Article

NgR1 and NgR3 are Receptors for Chondroitin Sulfate Proteoglycans

Neuroscience Program, University of Michigan School of Medicine, Ann Arbor, Michigan, USA.
Nature Neuroscience (Impact Factor: 14.98). 03/2012; 15(5):703-12. DOI: 10.1038/nn.3070
Source: PubMed

ABSTRACT In the adult mammalian CNS, chondroitin sulfate proteoglycans (CSPGs) and myelin-associated inhibitors (MAIs) stabilize neuronal structure and restrict compensatory sprouting following injury. The Nogo receptor family members NgR1 and NgR2 bind to MAIs and have been implicated in neuronal inhibition. We found that NgR1 and NgR3 bind with high affinity to the glycosaminoglycan moiety of proteoglycans and participate in CSPG inhibition in cultured neurons. Nogo receptor triple mutants (Ngr1(-/-); Ngr2(-/-); Ngr3(-/-); which are also known as Rtn4r, Rtn4rl2 and Rtn4rl1, respectively), but not single mutants, showed enhanced axonal regeneration following retro-orbital optic nerve crush injury. The combined loss of Ngr1 and Ngr3 (Ngr1(-/-); Ngr3(-/-)), but not Ngr1 and Ngr2 (Ngr1(-/-); Ngr2(-/-)), was sufficient to mimic the triple mutant regeneration phenotype. Regeneration in Ngr1(-/-); Ngr3(-/-) mice was further enhanced by simultaneous ablation of Rptpσ (also known as Ptprs), a known CSPG receptor. Collectively, our results identify NgR1 and NgR3 as CSPG receptors, suggest that there is functional redundancy among CSPG receptors, and provide evidence for shared mechanisms of MAI and CSPG inhibition.

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Available from: Roman J Giger, Aug 04, 2015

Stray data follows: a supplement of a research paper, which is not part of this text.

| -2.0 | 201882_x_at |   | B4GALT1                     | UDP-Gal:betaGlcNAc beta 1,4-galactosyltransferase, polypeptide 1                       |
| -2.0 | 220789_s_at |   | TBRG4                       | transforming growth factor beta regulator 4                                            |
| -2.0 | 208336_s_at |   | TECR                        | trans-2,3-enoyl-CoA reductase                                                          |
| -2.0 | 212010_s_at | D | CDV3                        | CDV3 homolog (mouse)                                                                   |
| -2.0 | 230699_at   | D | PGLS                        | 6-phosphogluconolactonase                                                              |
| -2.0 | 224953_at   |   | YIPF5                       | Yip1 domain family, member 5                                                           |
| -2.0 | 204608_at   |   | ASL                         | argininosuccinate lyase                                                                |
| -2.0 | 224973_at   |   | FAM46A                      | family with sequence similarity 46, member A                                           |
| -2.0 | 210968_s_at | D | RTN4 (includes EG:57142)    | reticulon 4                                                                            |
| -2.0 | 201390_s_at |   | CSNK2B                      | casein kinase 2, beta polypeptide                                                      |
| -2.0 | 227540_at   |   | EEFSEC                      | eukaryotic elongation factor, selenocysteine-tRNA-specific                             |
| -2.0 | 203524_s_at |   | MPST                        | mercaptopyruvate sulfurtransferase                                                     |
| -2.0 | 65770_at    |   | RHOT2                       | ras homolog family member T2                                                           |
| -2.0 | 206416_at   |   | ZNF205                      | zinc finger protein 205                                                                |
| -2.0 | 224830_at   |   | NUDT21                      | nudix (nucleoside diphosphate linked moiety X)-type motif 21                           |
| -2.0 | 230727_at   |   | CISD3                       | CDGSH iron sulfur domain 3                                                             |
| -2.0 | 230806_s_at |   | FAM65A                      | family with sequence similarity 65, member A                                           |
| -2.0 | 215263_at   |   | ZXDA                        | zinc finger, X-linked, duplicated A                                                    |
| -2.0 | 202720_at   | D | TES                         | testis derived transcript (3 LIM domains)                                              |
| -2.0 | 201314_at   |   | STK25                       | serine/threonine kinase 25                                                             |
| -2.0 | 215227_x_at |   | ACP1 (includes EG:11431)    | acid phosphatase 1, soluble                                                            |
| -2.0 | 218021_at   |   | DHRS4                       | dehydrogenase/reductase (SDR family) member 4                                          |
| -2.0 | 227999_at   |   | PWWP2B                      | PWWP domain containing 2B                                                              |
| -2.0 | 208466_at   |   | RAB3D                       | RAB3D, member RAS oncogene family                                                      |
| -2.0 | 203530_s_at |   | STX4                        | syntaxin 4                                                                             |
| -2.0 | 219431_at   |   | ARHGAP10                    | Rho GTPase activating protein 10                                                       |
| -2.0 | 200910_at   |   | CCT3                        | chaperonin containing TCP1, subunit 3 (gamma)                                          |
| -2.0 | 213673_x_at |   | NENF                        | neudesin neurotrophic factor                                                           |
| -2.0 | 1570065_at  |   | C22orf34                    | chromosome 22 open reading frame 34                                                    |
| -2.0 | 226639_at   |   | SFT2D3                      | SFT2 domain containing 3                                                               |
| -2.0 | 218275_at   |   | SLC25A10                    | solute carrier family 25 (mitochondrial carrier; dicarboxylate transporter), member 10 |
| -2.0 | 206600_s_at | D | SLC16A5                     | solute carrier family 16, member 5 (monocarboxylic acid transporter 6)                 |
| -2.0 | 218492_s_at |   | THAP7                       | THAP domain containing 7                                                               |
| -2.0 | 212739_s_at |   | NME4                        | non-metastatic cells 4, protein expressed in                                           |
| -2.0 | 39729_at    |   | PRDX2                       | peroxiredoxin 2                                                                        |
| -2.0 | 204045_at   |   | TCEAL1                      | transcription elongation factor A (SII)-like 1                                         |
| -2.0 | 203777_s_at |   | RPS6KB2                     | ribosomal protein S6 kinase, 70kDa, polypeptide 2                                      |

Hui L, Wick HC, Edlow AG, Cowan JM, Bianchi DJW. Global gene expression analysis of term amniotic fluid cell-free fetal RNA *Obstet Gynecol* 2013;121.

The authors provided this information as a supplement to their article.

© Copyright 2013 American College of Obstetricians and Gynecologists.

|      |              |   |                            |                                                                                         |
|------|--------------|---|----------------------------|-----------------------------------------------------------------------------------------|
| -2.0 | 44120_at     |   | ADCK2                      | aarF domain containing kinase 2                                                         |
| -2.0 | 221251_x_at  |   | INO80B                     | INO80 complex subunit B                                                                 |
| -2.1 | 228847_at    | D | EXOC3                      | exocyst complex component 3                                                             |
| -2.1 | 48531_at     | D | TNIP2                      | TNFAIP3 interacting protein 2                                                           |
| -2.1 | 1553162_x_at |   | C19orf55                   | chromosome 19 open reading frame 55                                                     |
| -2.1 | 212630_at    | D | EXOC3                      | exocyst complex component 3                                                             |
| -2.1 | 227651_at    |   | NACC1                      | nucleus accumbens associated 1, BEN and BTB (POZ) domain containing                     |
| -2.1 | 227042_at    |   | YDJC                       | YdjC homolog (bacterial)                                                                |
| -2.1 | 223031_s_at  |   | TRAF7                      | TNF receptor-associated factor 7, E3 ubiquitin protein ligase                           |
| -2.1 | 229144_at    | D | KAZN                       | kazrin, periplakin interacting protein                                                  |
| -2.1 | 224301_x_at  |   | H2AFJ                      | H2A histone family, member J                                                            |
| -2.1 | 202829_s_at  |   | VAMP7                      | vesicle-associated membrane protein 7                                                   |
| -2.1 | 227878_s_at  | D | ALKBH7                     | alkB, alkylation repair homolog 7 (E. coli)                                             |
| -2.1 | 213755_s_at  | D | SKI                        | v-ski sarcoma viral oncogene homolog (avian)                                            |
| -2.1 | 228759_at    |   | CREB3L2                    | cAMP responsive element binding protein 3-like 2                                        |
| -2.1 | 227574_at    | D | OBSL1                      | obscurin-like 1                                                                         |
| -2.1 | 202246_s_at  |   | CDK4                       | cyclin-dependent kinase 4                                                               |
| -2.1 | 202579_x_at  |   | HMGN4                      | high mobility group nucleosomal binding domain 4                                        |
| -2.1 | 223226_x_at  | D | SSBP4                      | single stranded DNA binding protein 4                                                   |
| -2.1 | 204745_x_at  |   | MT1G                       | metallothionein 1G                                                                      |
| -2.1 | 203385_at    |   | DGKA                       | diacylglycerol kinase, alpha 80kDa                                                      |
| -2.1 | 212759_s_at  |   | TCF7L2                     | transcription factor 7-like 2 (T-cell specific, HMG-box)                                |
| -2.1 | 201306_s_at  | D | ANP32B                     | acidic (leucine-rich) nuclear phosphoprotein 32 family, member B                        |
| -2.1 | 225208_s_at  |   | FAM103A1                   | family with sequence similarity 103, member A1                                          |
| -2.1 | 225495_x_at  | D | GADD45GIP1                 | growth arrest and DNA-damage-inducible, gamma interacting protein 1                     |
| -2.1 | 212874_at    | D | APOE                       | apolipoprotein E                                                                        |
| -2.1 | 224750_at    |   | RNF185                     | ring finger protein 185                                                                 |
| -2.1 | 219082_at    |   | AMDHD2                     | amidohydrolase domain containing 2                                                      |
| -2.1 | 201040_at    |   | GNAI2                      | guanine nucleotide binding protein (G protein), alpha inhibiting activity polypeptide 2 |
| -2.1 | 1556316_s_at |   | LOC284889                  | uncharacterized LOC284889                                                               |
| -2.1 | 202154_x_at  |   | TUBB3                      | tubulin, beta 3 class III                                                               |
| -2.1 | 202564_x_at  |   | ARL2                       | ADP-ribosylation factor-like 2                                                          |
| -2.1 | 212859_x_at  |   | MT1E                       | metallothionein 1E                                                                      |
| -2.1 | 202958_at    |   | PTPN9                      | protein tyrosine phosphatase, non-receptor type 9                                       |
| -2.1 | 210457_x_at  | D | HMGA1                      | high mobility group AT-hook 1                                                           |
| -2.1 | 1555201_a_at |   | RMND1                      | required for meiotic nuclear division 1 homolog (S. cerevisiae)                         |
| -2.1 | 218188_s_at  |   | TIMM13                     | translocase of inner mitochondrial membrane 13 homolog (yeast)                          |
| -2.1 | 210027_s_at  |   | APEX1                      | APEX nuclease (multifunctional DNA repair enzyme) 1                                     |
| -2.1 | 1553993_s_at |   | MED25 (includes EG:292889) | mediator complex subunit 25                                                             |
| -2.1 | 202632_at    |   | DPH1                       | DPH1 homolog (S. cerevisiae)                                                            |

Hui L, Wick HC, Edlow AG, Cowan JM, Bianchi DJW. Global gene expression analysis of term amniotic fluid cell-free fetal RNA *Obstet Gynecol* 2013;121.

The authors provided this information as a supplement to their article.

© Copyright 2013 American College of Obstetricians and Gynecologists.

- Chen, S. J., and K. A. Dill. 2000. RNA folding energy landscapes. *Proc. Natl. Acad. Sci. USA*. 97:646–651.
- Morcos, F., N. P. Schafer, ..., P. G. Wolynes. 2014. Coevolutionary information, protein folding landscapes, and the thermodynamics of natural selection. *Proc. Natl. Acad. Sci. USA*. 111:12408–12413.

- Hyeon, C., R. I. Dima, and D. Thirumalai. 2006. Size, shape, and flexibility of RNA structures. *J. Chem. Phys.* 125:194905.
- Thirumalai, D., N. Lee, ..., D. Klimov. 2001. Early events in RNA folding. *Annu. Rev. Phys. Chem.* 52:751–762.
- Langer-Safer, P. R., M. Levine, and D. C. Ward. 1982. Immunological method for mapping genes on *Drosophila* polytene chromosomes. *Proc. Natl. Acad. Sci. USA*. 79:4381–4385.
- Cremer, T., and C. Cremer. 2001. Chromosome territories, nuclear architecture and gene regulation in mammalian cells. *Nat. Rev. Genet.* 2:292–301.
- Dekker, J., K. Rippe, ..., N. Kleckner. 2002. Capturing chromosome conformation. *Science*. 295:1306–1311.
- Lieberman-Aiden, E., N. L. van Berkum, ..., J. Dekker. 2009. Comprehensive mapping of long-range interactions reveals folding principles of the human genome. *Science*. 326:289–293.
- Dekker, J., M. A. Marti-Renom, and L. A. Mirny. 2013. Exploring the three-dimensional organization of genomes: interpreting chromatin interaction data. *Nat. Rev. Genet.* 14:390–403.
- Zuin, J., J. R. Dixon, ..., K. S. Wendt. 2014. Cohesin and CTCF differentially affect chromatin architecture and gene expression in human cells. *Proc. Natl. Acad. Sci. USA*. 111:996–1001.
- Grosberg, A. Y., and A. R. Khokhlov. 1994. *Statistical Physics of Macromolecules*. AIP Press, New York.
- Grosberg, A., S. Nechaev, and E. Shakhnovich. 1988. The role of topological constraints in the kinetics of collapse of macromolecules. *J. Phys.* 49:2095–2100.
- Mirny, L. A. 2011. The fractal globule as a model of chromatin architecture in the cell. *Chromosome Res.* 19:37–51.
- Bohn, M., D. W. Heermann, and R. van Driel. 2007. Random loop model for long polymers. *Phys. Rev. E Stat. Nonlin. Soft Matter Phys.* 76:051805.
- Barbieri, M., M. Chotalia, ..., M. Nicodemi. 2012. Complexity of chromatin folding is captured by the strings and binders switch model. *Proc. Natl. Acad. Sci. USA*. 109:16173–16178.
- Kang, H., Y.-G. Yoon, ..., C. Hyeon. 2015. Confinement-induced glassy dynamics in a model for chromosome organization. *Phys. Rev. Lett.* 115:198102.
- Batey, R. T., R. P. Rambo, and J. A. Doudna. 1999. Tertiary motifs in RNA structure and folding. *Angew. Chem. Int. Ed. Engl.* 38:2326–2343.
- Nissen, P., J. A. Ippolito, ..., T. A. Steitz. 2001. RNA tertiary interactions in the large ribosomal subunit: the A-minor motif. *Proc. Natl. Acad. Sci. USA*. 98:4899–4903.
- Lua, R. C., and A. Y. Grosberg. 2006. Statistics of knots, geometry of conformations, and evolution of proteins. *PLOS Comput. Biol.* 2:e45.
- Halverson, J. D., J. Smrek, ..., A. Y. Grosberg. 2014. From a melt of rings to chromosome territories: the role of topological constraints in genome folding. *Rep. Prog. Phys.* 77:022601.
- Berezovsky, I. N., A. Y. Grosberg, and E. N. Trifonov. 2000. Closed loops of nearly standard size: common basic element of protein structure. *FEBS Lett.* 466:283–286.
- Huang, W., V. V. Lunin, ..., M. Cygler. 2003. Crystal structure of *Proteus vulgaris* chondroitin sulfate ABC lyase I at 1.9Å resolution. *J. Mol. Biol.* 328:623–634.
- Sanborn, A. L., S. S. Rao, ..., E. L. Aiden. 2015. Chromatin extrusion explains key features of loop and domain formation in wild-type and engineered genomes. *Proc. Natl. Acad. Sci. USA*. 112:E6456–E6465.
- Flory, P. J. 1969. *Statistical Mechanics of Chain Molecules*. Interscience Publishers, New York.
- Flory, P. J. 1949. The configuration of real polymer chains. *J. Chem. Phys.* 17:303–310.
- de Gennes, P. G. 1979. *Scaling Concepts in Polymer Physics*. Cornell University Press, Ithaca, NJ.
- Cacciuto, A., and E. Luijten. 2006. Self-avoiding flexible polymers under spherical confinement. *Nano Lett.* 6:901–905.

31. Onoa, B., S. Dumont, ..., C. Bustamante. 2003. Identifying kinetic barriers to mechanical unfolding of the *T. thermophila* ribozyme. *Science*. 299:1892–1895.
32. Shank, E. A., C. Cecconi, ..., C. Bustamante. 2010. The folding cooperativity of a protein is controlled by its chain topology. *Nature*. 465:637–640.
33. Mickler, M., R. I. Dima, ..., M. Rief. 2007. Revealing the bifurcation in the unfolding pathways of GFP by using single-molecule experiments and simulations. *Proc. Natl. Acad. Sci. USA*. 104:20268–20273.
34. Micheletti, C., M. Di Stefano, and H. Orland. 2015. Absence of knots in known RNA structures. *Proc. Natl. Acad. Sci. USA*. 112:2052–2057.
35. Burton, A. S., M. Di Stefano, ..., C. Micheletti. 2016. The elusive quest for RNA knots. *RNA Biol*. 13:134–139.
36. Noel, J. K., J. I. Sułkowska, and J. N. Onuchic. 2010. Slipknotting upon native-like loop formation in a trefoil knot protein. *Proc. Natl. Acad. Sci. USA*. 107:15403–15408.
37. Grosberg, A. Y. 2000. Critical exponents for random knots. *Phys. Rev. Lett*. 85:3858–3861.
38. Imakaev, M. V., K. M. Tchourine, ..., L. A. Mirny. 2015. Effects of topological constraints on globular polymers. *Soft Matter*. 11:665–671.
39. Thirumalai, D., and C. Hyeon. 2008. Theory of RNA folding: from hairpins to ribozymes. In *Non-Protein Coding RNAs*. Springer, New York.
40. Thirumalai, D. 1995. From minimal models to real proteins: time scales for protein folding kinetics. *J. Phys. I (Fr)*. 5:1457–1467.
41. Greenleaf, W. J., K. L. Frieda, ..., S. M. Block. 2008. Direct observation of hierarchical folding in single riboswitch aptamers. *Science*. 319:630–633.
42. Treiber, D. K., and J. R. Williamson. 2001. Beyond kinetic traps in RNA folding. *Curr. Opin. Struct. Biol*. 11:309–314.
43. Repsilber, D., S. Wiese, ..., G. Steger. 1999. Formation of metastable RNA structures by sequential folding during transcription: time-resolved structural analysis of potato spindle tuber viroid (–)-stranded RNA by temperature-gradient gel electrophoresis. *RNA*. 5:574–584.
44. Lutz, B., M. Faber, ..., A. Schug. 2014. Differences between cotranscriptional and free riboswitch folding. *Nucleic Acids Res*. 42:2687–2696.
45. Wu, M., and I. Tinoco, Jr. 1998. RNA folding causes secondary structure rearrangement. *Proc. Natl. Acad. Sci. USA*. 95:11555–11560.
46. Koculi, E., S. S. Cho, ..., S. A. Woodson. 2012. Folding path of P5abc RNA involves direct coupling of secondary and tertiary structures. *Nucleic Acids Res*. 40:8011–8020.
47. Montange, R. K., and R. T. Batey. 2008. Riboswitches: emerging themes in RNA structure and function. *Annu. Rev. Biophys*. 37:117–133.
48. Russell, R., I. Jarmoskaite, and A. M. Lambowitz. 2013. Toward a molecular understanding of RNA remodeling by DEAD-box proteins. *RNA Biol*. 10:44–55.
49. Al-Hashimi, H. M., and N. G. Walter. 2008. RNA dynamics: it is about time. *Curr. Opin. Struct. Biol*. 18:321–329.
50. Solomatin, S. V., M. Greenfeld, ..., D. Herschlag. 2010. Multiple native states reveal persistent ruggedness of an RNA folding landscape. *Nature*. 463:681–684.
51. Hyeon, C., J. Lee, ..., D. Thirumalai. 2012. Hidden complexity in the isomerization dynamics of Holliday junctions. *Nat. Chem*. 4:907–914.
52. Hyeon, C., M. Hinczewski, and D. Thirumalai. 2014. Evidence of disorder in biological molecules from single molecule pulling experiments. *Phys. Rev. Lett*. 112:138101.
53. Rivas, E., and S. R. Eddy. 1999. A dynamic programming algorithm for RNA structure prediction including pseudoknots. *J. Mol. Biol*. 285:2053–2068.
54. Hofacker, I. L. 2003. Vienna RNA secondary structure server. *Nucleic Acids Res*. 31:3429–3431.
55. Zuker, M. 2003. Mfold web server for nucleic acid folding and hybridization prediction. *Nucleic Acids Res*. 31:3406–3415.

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    • "Importantly, manipulation of these receptors provides new therapeutic targets for overcoming CSPGs inhibitory properties following CNS injury. Emerging evidence is currently shedding light on the potential benefits of inhibiting these receptors for axonal regeneration (Coles et al., 2011; Dickendesher et al., 2012; Fisher et al., 2011; Fry et al., 2010; Lang et al., 2015). Moreover, inhibition of these receptors in combination with other therapeutic strategies may maximize therapeutic benefits of their inhibition for improving a meaningful functional recovery following SCI. "
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    ABSTRACT: Chondroitin Sulfate Proteoglycans (CSPGs) are a major component of the extracellular matrix in the central nervous system (CNS) and play critical role in the development and pathophysiology of the brain and spinal cord. Developmentally, CSPGs provide guidance cues for growth cones and contribute to the formation of neuronal boundaries in the developing CNS. Their presence in perineuronal nets plays a crucial role in the maturation of synapses and closure of critical periods by limiting synaptic plasticity. Following injury to the CNS, CSPGs are dramatically upregulated by reactive glia which form a glial scar around the lesion site. Increased level of CSPGs is a hallmark of all CNS injuries and has been shown to limit axonal plasticity, regeneration, remyelination, and conduction after injury. Additionally, CSPGs create a non-permissive milieu for cell replacement activities by limiting cell migration, survival and differentiation. Mounting evidence is currently shedding light on the potential benefits of manipulating CSPGs in combination with other therapeutic strategies to promote spinal cord repair and regeneration. Moreover, the recent discovery of multiple receptors for CSPGs provides new therapeutic targets for targeted interventions in blocking the inhibitory properties of CSPGs following injury. Here, we will provide an in depth discussion on the impact of CSPGs in normal and pathological CNS. We will also review the recent preclinical therapies that have been developed to target CSPGs in the injured CNS. Copyright © 2015. Published by Elsevier Inc.
    Experimental Neurology 04/2015; 269. DOI:10.1016/j.expneurol.2015.04.006